Right-leaning creators produced the majority of high-performing YouTube videos about abortion following the Supreme Court decision that overturned Roe v. Wade. A study published Wednesday by NARAL Pro-Choice America found that medical disinformation—like claims that abortion is unsafe—are “frequently” in the first 10-20 results when you search for “abortion.”
“They put the desire to keep people clicking and watching over accurate information,” Dina Montemarano, NARAL Pro-Choice America research director, told Jezebel by Zoom.
The study monitored the highest-performing videos mentioning abortion that uploaded to YouTube in January and February. Researchers then added the 50 most viewed abortion videos published over the eight-week period between the Supreme Court decision leak in May and subsequent decision publication in June. The report found that YouTube attempted to “promote reliable and medically accurate information” for the first five results for “abortion,” but if someone searched “abortion procedure” or “abortion pill,” they would have found videos that had medical disinformation or propaganda within the first 10–15 search results.
Beyond the direct misinformation, the study found that anti-abortion content acts as an on-ramp to even more extreme views. “When I think about someone who is on YouTube and maybe they had heard something in the news and they look up a term, then that person could be led down that path toward more extreme, more outliers,” Montemarano told Jezebel.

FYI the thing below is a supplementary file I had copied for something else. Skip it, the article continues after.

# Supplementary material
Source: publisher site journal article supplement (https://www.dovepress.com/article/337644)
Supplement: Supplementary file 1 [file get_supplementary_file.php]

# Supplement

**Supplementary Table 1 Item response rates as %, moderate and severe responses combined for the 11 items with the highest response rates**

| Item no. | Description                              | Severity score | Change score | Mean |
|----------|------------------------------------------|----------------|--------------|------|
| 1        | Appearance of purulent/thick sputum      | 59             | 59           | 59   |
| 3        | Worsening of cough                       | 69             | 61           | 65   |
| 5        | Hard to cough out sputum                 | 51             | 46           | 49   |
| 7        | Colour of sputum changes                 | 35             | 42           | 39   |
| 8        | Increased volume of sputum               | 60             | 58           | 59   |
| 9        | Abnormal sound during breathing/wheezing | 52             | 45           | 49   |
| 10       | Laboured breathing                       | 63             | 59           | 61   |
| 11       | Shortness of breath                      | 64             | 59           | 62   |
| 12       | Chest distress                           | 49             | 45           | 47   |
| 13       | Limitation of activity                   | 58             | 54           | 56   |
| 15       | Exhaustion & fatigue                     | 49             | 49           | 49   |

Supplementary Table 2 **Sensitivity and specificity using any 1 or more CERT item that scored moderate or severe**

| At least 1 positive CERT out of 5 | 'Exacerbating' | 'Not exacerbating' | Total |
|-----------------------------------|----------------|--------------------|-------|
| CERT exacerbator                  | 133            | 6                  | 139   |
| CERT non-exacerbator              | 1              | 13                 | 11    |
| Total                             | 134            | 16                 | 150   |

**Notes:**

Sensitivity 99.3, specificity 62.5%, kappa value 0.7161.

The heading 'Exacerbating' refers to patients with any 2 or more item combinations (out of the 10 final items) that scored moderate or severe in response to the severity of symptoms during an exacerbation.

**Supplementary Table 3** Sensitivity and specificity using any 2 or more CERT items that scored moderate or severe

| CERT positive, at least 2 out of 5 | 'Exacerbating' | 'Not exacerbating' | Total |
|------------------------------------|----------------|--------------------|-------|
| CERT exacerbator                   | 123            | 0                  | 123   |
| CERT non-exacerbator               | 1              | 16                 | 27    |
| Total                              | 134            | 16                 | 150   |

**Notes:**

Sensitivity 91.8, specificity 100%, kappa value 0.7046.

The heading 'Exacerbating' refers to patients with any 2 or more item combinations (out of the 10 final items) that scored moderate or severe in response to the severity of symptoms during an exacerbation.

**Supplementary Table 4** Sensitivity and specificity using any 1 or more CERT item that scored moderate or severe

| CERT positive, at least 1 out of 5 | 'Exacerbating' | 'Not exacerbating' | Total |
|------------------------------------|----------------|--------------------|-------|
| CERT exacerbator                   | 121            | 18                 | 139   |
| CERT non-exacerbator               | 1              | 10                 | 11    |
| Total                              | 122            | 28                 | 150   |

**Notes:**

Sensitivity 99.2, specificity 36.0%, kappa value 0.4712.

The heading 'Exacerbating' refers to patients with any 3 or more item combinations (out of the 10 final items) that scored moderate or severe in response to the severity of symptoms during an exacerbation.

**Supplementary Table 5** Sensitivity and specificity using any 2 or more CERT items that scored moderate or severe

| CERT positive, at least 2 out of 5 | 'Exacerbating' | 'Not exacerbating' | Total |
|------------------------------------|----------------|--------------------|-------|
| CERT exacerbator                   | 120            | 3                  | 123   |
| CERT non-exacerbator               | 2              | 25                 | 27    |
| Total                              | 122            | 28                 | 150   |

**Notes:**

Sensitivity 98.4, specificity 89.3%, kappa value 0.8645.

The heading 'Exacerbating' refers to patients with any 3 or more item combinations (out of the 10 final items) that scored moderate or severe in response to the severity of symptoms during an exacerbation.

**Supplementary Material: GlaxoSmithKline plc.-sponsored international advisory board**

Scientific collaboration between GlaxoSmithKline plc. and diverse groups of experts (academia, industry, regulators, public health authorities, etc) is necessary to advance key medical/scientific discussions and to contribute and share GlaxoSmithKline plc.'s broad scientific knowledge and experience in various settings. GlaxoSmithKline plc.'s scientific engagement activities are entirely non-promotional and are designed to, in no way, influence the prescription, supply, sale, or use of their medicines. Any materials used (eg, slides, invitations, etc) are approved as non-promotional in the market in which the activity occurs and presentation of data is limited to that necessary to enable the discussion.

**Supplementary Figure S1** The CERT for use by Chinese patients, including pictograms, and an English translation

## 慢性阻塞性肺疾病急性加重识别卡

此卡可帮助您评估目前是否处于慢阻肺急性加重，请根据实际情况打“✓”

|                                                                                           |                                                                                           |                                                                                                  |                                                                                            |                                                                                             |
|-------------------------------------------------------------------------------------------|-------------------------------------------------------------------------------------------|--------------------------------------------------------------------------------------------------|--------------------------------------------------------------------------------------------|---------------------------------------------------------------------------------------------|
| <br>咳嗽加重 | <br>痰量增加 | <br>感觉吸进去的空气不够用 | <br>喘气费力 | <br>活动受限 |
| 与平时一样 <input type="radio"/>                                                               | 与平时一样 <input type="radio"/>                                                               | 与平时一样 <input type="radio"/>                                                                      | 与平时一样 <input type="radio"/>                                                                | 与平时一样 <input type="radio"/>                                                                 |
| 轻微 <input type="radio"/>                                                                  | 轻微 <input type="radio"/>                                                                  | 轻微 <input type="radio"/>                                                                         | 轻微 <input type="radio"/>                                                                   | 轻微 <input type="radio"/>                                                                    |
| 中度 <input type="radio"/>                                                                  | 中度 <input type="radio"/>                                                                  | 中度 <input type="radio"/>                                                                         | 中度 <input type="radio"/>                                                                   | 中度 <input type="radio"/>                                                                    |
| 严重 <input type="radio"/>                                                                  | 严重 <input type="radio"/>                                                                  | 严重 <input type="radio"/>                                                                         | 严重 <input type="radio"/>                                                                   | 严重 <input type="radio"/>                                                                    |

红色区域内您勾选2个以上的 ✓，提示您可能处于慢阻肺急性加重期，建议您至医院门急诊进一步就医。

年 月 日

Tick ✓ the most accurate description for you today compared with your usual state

On July 21, YouTube announced it would “remove content that provides instructions for unsafe abortion methods or promotes false claims about abortion safety,” nearly a month after Roe v. Wade was overturned. But within a week of that announcement, researchers still found results with medical disinformation when searching “abortion reversal” and “abortion breast cancer.”
Montemarano would like to see actual penalties for medical misinformation about abortion. Videos that promote false claims about abortion should be removed, even if they’re uploaded by political actors or influencers. “They should be penalized for spreading inaccurate disinformation, regardless of if they’ve wrapped their comments in a political bow,” she said, suggesting a strike system. “I would love to see [abortion misinformation spreaders] deplatformed.”
YouTube and its parent company, Alphabet (aka Google), did not respond to Jezebel’s request for comment.